Section: John Locke, Second Treatise of Government, ibid

Lecture: Jean-Jacques Rousseau, Discourse on the Origins of Inequality, pp. 1-70

Section: Jean-Jacques Rousseau, Discourse on the Origins of Inequality, pp. 1-70

Week of Monday, 3 March:

Section: Jean-Jacques Rousseau, Discourse on the Origins of Inequality, pp. 1-70

Lecture: John Stuart Mill, On Liberty, Chs. 1-3

Section: John Stuart Mill, On Liberty, Chs. 1-3
Week of Monday, 10 March:

Section: John Stuart Mill, On Liberty, Chs. 1-3

Lecture: John Stuart Mill’s On Liberty, Chs. 4-5

Section: John Stuart Mill’s On Liberty, Chs. 4-5


Week of Monday, 17 March:

Section: John Stuart Mill’s On Liberty, Chs. 4-5

Lecture: Friedrich Nietzsche, Genealogy of Morals, Preface, Essay 1, Essay 3

Section: Friedrich Nietzsche, Genealogy of Morals, Preface, Essay 1, Essay 3


Sunday, 23 March, 6 PM: second paper due

Week of Monday, 24 March:

Section: Friedrich Nietzsche, Genealogy of Morals, Preface, Essay 1, Essay 3

Lecture: Liang Qichao, “On Rights Consciousness”; Chen Duxiu, “The

Constitution and Confucianism”; Mou Zongsan et al., “A Manifesto for a

Re-Appraisal of Sinology and the Reconstruction of Chinese Culture”

Section: ibid
Week of Monday, March 31:

Section: ibid

Lecture: Mohandas Gandhi’s Hind Swaraj (Indian Home Rule), pp. 35-130

Section: Mohandas Gandhi’s Hind Swaraj (Indian Home Rule), pp. 35-130


Week of Monday, 7 April:
Section: Mohandas Gandhi’s Hind Swaraj (Indian Home Rule), pp. 35-130

Lecture: Dalai Lama, Ethics for the New Millennium, chs. 1-5

Section: Dalai Lama, Ethics for the New Millennium, chs. 1-5
Week of Monday, 14 April:

Section: Dalai Lama, Ethics for the New Millennium, chs. 1-5

Lecture: Peter Singer’s “Famine, Affluence, and Morality”

Section: Singer’s “Famine, Affluence, and Morality”


Sunday, 20 April, 6 PM: third paper due

Week of Monday, 21 April:

Preparation for seminar symposium
Week of Monday, 28 April:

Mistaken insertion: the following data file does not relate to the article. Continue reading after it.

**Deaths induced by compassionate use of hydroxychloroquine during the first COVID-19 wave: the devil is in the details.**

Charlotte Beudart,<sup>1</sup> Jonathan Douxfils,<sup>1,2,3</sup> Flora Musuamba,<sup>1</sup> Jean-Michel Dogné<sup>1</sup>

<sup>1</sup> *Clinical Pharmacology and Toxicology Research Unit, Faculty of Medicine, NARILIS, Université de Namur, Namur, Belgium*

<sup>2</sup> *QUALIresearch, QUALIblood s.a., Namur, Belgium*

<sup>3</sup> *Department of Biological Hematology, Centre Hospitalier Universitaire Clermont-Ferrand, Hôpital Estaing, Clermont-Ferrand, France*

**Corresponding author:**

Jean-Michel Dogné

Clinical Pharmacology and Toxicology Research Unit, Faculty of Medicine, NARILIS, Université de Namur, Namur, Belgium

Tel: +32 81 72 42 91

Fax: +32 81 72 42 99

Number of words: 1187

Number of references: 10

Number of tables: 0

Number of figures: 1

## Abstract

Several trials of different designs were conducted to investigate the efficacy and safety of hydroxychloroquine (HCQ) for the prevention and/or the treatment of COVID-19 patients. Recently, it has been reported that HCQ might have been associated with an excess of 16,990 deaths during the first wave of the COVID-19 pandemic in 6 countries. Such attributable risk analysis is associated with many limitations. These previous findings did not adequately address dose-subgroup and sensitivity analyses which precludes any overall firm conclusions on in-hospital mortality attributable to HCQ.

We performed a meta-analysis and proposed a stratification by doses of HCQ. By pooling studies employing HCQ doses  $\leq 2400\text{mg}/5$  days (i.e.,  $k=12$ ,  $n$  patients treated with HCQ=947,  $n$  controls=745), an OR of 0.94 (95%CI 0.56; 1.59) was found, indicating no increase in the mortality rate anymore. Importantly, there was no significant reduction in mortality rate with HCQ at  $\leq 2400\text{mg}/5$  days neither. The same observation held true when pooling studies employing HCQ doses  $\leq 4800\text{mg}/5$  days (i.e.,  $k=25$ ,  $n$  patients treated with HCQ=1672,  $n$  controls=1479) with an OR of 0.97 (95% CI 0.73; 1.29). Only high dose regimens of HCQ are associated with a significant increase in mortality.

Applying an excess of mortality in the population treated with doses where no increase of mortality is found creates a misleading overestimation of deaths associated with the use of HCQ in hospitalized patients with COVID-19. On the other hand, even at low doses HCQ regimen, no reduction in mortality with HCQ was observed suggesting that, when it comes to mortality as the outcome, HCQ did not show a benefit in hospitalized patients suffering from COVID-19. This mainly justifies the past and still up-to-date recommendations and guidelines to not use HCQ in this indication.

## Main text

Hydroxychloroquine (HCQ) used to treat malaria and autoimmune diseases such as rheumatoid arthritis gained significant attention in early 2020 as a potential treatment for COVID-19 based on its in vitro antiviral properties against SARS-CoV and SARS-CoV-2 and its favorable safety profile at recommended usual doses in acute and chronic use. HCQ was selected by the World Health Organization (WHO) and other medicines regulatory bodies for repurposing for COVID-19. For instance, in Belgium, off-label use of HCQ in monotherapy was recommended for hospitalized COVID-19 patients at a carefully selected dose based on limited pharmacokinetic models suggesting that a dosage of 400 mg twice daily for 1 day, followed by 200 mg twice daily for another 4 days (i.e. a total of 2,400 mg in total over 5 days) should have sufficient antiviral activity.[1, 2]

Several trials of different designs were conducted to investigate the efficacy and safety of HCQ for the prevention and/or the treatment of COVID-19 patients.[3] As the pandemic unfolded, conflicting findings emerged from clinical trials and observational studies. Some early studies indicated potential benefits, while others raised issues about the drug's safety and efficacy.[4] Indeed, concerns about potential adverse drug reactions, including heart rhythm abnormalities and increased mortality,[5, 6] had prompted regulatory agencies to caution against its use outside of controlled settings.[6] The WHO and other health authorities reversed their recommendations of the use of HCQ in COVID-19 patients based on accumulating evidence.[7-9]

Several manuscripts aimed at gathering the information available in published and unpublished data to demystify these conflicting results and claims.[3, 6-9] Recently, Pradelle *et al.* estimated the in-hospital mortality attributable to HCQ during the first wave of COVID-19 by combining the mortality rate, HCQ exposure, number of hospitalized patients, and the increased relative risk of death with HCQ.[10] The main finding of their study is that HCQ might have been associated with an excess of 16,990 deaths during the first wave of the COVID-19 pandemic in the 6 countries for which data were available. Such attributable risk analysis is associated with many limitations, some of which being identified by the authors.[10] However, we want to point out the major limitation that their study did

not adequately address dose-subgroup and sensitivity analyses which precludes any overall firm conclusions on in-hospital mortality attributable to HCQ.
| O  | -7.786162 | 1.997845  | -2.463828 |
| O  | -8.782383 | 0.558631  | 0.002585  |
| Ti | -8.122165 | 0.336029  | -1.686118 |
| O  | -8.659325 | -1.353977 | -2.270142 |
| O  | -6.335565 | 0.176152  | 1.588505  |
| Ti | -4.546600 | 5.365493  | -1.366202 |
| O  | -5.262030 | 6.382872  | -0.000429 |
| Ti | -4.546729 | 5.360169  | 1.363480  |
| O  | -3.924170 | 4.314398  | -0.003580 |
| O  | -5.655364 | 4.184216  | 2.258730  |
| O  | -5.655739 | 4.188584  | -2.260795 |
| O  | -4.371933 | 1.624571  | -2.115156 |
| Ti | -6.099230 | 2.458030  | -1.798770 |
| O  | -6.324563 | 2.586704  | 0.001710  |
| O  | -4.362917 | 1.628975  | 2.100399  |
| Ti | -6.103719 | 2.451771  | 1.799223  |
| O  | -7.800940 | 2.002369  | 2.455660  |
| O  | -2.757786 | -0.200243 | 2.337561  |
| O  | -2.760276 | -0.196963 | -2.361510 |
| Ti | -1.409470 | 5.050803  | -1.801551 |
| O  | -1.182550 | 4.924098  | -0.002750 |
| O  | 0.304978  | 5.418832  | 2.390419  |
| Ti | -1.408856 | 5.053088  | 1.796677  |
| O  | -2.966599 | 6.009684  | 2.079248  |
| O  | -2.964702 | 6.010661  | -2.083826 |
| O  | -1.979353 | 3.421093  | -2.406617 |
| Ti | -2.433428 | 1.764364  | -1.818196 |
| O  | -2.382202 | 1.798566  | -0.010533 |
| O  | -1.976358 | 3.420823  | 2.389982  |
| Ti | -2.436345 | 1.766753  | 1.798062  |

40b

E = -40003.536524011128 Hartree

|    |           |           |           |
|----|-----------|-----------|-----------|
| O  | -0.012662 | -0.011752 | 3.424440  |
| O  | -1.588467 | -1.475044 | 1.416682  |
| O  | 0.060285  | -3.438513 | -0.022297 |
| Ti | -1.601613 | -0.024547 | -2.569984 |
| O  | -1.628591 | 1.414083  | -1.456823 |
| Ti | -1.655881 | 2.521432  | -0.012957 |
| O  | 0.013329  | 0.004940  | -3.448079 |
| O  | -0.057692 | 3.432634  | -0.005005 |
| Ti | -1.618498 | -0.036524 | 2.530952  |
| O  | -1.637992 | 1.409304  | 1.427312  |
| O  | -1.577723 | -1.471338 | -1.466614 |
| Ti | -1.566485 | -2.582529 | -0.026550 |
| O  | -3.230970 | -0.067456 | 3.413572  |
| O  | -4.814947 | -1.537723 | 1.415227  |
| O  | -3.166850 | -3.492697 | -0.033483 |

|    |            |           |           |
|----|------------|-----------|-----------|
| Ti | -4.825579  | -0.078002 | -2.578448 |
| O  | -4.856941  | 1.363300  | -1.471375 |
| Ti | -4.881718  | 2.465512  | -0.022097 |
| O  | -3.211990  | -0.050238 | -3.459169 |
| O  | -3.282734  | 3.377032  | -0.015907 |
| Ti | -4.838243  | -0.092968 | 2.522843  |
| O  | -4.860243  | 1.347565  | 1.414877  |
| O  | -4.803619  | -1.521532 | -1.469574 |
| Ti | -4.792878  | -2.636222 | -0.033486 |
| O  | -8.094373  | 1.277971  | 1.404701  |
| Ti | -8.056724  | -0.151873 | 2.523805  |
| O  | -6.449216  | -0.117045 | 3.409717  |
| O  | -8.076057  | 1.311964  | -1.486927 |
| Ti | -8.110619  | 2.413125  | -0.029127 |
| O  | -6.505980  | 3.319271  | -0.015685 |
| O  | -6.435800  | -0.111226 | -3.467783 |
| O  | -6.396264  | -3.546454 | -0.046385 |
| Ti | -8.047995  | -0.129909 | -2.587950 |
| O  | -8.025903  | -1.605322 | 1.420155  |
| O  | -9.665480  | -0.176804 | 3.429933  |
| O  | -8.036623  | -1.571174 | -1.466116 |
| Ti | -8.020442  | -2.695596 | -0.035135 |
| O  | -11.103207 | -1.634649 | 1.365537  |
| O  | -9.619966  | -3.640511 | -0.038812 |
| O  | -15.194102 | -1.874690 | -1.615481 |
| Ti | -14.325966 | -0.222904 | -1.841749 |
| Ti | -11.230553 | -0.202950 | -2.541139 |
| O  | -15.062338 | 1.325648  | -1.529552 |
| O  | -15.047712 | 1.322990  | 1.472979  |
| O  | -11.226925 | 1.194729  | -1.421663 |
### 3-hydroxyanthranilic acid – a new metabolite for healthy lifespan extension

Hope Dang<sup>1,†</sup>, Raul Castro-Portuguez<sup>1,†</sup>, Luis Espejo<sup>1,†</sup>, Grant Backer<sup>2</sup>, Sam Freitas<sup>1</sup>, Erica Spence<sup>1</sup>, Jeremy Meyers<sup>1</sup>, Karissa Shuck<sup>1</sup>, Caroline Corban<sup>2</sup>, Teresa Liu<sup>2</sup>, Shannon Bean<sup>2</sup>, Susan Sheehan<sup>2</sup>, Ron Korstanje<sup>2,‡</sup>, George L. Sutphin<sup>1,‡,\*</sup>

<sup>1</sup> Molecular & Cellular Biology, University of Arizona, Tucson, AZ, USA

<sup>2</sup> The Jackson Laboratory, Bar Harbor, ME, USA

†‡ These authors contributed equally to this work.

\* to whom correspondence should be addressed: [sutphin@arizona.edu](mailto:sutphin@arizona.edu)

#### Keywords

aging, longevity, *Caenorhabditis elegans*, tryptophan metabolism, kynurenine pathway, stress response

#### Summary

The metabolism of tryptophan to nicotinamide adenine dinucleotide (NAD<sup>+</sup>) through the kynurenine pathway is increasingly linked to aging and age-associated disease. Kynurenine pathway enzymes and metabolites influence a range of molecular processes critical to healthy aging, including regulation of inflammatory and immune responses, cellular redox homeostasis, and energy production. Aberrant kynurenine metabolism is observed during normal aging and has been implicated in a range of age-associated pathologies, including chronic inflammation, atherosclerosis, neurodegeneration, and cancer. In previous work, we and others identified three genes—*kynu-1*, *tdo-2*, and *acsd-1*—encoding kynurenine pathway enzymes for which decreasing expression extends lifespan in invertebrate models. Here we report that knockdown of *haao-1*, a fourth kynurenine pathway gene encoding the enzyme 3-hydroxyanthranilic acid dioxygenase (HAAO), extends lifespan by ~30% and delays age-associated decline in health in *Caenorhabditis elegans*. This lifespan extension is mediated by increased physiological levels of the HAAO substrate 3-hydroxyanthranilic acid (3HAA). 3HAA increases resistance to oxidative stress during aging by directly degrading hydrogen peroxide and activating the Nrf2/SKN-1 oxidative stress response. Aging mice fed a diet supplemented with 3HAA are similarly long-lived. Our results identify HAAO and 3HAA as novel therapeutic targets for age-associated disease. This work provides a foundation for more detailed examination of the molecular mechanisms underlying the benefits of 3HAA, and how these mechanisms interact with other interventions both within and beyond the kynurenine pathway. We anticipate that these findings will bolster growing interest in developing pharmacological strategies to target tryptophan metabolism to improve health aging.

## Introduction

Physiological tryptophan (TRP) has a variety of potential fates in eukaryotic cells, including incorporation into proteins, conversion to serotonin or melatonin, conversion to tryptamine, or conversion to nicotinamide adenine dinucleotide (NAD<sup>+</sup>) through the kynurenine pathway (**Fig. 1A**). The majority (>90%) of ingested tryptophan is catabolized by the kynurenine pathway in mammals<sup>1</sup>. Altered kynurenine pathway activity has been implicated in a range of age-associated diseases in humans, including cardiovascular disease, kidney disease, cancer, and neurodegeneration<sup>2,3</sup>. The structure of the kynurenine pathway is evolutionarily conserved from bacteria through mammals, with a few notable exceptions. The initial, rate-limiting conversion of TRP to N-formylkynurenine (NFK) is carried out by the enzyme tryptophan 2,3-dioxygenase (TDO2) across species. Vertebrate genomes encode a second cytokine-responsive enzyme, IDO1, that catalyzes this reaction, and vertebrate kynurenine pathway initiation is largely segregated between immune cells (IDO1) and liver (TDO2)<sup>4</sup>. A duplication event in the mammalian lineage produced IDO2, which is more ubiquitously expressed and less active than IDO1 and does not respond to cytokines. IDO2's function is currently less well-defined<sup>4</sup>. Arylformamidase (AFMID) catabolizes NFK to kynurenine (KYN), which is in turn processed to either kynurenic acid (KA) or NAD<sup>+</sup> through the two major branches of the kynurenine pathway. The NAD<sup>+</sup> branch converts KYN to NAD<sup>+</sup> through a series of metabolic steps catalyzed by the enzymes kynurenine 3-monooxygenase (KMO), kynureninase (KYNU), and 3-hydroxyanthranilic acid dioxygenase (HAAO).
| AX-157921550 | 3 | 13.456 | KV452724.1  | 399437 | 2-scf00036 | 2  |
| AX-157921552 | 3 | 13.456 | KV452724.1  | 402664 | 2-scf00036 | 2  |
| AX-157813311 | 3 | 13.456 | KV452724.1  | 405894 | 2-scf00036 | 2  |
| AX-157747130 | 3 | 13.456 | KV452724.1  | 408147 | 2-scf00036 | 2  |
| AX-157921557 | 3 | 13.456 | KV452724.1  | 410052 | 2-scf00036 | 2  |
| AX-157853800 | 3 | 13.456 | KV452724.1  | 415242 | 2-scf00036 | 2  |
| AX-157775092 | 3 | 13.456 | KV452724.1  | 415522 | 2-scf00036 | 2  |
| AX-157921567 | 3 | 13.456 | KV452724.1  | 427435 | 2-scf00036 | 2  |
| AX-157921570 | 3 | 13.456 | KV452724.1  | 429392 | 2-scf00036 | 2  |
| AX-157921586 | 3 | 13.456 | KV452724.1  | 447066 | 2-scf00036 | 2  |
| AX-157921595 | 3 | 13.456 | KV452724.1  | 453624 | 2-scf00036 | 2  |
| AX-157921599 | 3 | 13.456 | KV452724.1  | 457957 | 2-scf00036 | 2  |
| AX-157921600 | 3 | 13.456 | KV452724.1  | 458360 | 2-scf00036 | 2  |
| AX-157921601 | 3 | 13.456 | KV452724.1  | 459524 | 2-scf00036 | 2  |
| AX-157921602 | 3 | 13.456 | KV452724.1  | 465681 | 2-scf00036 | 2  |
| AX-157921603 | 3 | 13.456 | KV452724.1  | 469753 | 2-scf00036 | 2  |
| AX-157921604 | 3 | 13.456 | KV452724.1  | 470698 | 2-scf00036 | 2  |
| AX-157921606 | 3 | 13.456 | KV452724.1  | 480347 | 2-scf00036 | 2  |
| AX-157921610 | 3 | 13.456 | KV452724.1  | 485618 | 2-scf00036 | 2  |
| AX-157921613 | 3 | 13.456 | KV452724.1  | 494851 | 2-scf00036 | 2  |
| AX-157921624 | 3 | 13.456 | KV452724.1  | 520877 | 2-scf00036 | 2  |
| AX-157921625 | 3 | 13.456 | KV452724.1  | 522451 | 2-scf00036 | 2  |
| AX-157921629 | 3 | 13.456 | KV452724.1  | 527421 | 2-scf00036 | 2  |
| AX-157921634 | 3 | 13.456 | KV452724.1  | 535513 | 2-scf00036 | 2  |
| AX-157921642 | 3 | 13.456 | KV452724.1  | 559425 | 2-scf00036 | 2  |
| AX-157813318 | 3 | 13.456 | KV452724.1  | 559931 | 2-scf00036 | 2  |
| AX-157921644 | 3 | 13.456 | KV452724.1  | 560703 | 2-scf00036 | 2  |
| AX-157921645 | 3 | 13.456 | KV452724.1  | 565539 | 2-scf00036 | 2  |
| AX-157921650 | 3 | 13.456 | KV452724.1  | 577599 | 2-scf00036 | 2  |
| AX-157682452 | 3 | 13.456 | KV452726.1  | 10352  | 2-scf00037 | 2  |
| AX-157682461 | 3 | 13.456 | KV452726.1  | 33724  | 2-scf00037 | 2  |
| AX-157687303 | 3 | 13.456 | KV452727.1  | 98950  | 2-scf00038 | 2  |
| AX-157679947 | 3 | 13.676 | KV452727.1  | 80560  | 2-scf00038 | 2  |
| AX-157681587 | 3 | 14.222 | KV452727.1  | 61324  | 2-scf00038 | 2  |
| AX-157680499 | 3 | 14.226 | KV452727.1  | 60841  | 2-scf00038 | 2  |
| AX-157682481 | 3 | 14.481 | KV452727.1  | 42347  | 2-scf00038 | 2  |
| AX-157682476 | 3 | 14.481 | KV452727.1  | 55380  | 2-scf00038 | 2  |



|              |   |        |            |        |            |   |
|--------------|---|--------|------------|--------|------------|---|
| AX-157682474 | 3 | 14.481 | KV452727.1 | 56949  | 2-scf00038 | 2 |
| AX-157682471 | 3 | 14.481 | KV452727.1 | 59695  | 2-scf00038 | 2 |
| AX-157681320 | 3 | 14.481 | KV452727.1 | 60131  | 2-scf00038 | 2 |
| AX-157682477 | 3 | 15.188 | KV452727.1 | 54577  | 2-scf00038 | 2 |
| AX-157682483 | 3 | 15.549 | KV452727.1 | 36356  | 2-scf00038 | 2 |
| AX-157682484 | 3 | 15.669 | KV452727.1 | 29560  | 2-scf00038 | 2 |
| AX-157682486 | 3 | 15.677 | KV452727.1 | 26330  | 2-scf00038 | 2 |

seminar symposium


List of required course books (available in the Co-op Bookstore, on reserve in the library, and elsewhere):

Ibn Tufayl, Hayy Ibn Yaqzān, Translated by Lenn Evan Goodman, University of Chicago, 2009.

René Descartes, Descartes: Meditations on First Philosophy: With Selections from the Objections and Replies, Edited by John Cottingham Ed, Cambridge Texts in the History of Philosophy, 1996.

David Hume, An Enquiry Concerning Human Understanding, Second Edition, Edited by Eric Steinberg, Hackett, 1993.

John Locke, Second Treatise of Government, Edited by C.B. Macpherson, Hackett, 1980.

Jean-Jacques Rousseau, Discourse on the Origin of Inequality, Translated by Donald A. Cress, Hackett Publishing, 1992.

John Stuart Mill, On Liberty and Other Essays, Oxford University Press, 2008.

Friedrich Nietzsche, On the Genealogy of Morals, in On the Genealogy of Morals and Ecce Homo, Translated by Walter Kaufmann, Vintage Press, 1989.

Mohandas K. Gandhi, Hind Swaraj or Indian Home Rule, CreateSpace Independent Publishing Platform, 2009.

Dalai Lama, Ethics for the New Millennium, Riverhead Trade, 2001.

Course readings on IVLE (in the workbin “Course-wide Readings on IVLE”):

Thomas Aquinas, Five Ways in Summa Theologica Part 1, Question 2, Article Three, Dominican Translation online.

20th Century Chinese Philosophy: Liang Qichao, “On Rights Consciousness” (1902) and Chen Duxiu, “The Constitution and Confucianism” (1916) in The Chinese Human Rights Reader, ed. and trans. Stephen Angle and Marina Svensson, M.E. Sharpe, 2001, pp. 5-15; 67-74 (18 pages); Mou Zongsan, “A Manifesto for a Re-Appraisal of Sinology and the Reconstruction of Chinese Culture” (1957) in The Development of Neo-Confucian Thought, Vol. 2., Carsun Chang Trans., Bookman, 1962, pp. 455-483 (29 pages).

Peter Singer, “Famine, Affluence, and Morality,” in Philosophy and Public Affairs 1 (3): 229-43. 1972.